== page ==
Saturday, March 02, 2019

Is Scripture evidentiary in its own right?

Thus, Robinson Crusoe follows a similar pattern of thought in deciding that he is not alone: it is likely that anyone else on the island will leave some sign of being there, and this apparent footprint would certainly be such an indication if another's presence is possible; it is, therefore it is probable that someone else is about. But unless he has reasons to believe that another's presence on the island is possible, or in the absence of knowing what human footprints are like, this evidence would not count as any proof of Friday. Consequently, the thesis that the Bible on its own is a warrant for the existence of God is mistaken. 

This seems to reflect the methodology of classic apologetics, according to which making a case for Christianity requires a linear, multistage argument in which proving God's existence is a preliminary step. However, the comparison is very odd. Is it necessary to have reasons independent of the footprint to credit the footprint as evidence of human occupation on the island? Why isn't the footprint in itself evidence for the possibility that the island is habitable? Why can't that be direct evidence? What's actual is possible. Isn't a human footprint unmistakable evidence that a human being made it, and made it there? Even if the footprint was faked, it had to be faked by a human being (a la Bigfoot hoaxes). 

Likewise, why can't the fact that the Bible contains so many testimonies by or about different individuals who say they experienced God in unmistakable ways at least be prima facie evidence that God exists? In that respect (among others) it differs from one-man productions by Muhammad, Joseph Smith, and Swedenborg. 


  1. "But unless he has reasons to believe that another's presence on the island is possible"

    What's the alternative?

    1. Atheism? Atheism is hardly a reasonable alternative. Suppose it were true. In that case, Robinson Crusoe might as well make-believe that his man Friday exists, as Tom Hanks did with Wilson in Cast Away, for human nature couldn't bear the existential nihilism of living forever alone on a deserted planet without cracking then breaking like an eggshell.

    2. That God exists but is silent? A Deistic "God"? For one thing, we are persons and the Judeo-Christian God is not an impersonal God, but a personal God. As such, would not the One who created all persons wish to relate to his created persons? Why would a God create persons with personhood and personality and so on, yet remain silent himself? Why not simply make impersonal robots if he did not wish to relate to them as persons?

    3. Indeed, isn't it really only the Judeo-Christian traditions and their corruptions that even claim a speaking God? By "corruptions", I have in mind Mormons, Christian Scientists, JWs, even Islam.

    4. The Eastern religions are ultimately impersonal, though Hinduism mixes that with pagan polytheism. As does folk Buddhism.

    5. Paganism, animism, and modern forms of spiritualism often go hand-in-hand. Paganism is what atheists like Sagan and Dawkins are really sparring with when they talk about religion as superstition, though even on atheistic grounds, it's not as if atheism gets the upperhand, given there is a lot of evidence to support pagan claims like communications and experiences with non-physical entities or non-physical worlds.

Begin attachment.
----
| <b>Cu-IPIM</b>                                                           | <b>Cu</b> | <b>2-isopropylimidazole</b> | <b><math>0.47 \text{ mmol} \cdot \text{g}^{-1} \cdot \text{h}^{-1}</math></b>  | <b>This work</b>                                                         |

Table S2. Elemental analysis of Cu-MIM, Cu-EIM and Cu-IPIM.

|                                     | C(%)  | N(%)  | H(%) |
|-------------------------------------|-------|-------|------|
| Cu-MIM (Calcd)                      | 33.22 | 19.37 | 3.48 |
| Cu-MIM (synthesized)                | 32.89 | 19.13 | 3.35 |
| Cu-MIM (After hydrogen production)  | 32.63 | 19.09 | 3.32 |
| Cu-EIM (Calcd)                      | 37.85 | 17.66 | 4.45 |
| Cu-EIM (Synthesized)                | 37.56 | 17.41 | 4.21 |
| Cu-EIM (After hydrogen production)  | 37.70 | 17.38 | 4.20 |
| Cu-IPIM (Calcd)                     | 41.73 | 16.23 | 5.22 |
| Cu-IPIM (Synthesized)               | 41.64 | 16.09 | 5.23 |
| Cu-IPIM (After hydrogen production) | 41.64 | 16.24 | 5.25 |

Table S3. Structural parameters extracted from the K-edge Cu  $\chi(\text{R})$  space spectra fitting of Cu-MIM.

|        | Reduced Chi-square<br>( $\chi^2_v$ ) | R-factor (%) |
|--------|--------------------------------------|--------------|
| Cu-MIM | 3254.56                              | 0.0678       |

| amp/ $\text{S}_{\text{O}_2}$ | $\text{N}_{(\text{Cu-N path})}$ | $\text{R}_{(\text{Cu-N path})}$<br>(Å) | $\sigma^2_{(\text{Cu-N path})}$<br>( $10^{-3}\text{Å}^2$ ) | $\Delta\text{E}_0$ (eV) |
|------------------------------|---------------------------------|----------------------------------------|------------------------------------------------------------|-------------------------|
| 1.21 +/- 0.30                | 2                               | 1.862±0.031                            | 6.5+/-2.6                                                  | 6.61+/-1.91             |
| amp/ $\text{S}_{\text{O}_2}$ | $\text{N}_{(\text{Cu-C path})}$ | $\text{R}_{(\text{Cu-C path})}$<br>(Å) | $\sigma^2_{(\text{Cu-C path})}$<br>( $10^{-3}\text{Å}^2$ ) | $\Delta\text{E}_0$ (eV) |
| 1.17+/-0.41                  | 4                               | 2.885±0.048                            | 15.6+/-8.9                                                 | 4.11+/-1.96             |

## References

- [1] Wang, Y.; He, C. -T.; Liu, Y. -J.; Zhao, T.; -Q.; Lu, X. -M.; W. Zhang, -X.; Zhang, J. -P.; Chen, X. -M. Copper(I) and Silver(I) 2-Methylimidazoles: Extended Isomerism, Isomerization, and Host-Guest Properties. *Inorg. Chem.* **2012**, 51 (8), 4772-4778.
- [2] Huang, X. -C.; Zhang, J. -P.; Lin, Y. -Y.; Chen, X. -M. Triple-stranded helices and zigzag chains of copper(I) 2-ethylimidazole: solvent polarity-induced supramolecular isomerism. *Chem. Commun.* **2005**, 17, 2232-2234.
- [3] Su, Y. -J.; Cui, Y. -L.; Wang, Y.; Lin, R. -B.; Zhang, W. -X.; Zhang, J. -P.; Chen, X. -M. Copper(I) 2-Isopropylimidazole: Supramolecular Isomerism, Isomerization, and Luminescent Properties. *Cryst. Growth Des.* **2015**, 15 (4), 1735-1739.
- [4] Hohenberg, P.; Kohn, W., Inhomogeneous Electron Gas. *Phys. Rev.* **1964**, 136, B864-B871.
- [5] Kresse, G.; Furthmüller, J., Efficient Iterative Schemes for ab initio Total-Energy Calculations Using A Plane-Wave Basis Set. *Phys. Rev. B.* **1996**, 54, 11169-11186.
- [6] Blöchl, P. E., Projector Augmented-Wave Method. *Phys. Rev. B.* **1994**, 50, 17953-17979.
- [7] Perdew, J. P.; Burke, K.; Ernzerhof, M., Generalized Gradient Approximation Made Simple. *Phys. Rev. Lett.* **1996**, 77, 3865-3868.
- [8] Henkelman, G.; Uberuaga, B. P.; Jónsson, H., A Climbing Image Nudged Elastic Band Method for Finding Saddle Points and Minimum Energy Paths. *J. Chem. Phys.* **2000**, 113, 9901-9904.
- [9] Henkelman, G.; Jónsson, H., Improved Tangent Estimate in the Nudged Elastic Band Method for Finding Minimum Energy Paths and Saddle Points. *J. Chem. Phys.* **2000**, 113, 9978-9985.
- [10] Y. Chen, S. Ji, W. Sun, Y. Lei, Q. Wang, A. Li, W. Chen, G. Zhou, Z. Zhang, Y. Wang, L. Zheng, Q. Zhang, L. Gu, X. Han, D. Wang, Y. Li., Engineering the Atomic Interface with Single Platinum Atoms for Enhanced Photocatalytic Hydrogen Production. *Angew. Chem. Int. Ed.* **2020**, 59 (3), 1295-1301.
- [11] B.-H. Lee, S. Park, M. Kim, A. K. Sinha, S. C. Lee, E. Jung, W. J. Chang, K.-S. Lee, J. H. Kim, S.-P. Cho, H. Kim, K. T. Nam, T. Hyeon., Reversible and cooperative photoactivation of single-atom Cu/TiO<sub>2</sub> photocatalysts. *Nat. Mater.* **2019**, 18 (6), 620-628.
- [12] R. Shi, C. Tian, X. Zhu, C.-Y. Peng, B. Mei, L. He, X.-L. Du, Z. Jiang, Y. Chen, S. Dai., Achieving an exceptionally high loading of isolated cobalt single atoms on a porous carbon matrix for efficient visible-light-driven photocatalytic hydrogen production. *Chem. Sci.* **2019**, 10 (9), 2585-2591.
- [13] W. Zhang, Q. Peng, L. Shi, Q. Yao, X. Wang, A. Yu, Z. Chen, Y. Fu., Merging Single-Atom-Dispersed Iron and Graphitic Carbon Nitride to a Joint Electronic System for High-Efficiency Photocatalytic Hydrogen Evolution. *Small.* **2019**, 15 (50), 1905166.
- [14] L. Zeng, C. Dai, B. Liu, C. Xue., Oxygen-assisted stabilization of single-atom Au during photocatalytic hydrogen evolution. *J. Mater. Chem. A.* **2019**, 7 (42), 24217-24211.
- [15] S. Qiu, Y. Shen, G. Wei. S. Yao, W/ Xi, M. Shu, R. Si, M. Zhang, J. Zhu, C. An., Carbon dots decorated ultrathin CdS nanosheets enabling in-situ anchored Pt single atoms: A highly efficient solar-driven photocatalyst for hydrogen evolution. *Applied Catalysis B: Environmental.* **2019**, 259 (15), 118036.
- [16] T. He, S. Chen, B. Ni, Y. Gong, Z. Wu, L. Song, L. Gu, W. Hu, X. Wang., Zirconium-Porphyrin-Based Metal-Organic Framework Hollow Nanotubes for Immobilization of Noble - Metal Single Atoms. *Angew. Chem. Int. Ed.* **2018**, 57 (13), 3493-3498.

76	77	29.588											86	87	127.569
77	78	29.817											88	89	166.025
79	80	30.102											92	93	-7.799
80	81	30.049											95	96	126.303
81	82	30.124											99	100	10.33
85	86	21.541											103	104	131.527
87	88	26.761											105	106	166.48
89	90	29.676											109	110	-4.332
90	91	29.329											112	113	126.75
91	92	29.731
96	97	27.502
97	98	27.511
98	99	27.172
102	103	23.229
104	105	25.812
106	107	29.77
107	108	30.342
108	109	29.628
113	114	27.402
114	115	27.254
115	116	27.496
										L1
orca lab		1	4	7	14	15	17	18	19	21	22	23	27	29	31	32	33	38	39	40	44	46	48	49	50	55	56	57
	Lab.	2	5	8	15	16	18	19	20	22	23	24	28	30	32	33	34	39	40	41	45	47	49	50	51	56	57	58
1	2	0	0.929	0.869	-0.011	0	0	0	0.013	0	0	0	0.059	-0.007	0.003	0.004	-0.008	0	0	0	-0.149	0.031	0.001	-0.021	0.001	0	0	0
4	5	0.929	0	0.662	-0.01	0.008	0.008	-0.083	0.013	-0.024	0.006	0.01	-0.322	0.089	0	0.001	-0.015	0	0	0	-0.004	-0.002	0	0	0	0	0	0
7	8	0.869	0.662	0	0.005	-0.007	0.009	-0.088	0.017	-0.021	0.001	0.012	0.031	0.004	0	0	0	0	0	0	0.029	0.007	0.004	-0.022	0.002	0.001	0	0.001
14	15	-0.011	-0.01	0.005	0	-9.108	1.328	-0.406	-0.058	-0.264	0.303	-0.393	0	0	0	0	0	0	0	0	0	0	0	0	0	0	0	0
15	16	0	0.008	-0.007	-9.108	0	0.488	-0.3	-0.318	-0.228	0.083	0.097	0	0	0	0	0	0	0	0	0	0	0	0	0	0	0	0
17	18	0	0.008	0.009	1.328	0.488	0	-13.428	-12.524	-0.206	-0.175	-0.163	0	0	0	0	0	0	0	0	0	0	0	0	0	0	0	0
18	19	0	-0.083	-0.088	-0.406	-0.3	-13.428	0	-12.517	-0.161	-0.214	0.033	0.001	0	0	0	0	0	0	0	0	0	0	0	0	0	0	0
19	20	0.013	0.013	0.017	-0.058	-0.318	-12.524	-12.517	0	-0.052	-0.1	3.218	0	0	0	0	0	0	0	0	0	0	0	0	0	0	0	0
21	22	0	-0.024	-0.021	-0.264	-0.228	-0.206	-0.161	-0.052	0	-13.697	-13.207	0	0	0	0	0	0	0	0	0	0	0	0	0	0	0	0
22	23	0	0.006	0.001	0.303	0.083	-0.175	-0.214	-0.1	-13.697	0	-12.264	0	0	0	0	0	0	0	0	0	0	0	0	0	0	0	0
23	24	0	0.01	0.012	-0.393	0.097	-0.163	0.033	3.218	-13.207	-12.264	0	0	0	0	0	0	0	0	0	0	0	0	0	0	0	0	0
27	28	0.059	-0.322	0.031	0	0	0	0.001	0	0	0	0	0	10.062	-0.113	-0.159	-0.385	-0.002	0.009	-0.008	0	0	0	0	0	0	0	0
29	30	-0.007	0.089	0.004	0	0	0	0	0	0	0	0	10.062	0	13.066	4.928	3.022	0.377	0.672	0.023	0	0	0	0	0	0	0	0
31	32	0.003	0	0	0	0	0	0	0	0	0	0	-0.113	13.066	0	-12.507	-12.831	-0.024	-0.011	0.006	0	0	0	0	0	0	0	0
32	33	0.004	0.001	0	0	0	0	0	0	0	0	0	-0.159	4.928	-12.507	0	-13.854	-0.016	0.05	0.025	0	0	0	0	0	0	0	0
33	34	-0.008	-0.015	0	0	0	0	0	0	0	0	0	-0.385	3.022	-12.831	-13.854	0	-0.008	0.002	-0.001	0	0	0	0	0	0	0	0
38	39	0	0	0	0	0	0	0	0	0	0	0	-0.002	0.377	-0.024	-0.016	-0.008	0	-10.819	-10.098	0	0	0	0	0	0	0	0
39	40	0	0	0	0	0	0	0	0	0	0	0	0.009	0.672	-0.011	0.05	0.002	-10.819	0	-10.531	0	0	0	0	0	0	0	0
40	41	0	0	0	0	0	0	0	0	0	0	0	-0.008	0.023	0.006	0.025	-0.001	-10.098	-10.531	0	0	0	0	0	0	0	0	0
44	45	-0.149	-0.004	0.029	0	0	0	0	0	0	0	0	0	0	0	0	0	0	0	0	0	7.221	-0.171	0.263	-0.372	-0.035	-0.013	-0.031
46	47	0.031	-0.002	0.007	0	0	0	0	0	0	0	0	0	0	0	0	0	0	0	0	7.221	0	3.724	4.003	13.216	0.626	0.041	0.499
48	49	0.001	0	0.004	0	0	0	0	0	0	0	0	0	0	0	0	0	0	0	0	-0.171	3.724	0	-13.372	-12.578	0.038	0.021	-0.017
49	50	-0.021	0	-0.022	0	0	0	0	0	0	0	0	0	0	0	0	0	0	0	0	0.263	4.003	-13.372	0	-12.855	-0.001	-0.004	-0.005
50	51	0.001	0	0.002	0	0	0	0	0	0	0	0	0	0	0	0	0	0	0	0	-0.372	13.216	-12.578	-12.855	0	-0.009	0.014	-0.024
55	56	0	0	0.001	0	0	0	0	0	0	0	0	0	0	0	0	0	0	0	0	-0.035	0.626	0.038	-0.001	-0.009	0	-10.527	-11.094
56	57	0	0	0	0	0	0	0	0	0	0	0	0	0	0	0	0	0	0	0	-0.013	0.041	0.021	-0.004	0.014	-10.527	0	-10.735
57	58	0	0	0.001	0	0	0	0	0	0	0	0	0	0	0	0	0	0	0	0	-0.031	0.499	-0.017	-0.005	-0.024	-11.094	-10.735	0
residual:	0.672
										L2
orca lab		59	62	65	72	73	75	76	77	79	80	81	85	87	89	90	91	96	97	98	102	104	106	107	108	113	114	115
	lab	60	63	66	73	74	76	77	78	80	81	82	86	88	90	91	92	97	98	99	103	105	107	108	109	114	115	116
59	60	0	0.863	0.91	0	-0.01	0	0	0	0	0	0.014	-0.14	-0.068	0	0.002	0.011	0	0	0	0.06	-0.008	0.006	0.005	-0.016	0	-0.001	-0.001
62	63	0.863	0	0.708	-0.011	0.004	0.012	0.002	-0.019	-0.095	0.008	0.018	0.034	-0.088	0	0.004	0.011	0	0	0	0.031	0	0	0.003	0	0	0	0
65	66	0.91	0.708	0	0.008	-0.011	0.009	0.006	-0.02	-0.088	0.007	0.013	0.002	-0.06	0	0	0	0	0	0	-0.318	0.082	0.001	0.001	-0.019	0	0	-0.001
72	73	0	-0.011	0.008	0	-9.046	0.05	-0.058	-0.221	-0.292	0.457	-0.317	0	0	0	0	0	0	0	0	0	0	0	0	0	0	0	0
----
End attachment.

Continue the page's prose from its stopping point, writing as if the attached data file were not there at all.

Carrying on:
"or in the absence of knowing what human footprints are like"

    I realize this footprints bit is supposed to be analogous to the Bible itself. However, just to take a different tack that still gets us to the Bible (I think), consider that Robinson Crusoe could just look at his own footprints to know what human footprints are like. In which case, if Crusoe saw other recently made footprints he knows aren't his own, then it would be quite logical to surmise there might be another human being around.

    Likewise, we could look at ourselves to know what it is to be a person. Then it goes back to my earlier point (#2 above) about a personal God speaking to created persons. Indeed, if God can endow at least some humans with sensory faculties to perceive the external physical world, why couldn't it be argued that God can endow at least some humans with spiritual faculties to perceive God's voice in the Bible?

  2. The difference with the footprint is that it was not left there for Robinson Crusoe’s benefit. Friday was not trying to send a message to Crusoe. In one sense Friday did end up sending a “message” to Crusoe but that was not his intention. If we don’t take into account God’s intentions we will have a warped view of things. Suppose we assess the “evidence” for God in scientific terms. We start by constructing a theoretical model of God which generates certain predictions. Then we compare those predictions with the evidence. If the evidence matches the predictions sufficiently well then we conclude, perhaps tentatively, that God exists. That could never be the basis for faith.

    On the other hand, if God intends to communicate with us then the proof of the pudding is in the eating. If we end up believing what God wanted us to believe then God has achieved his objective. Richard Carrier once said that if he was God then he would have appeared to the whole world after his resurrection. Since God failed to do what Carrier thinks He should have done, Christianity is false. This fails to take into account an obvious fact about communication between persons. The person (or Person) who sends a message wishes it to reach the right people. Perhaps God has reasons for not wanting someone like Richard Carrier to receive His message.

    As Epistle of Dude has said, this is about personal communication.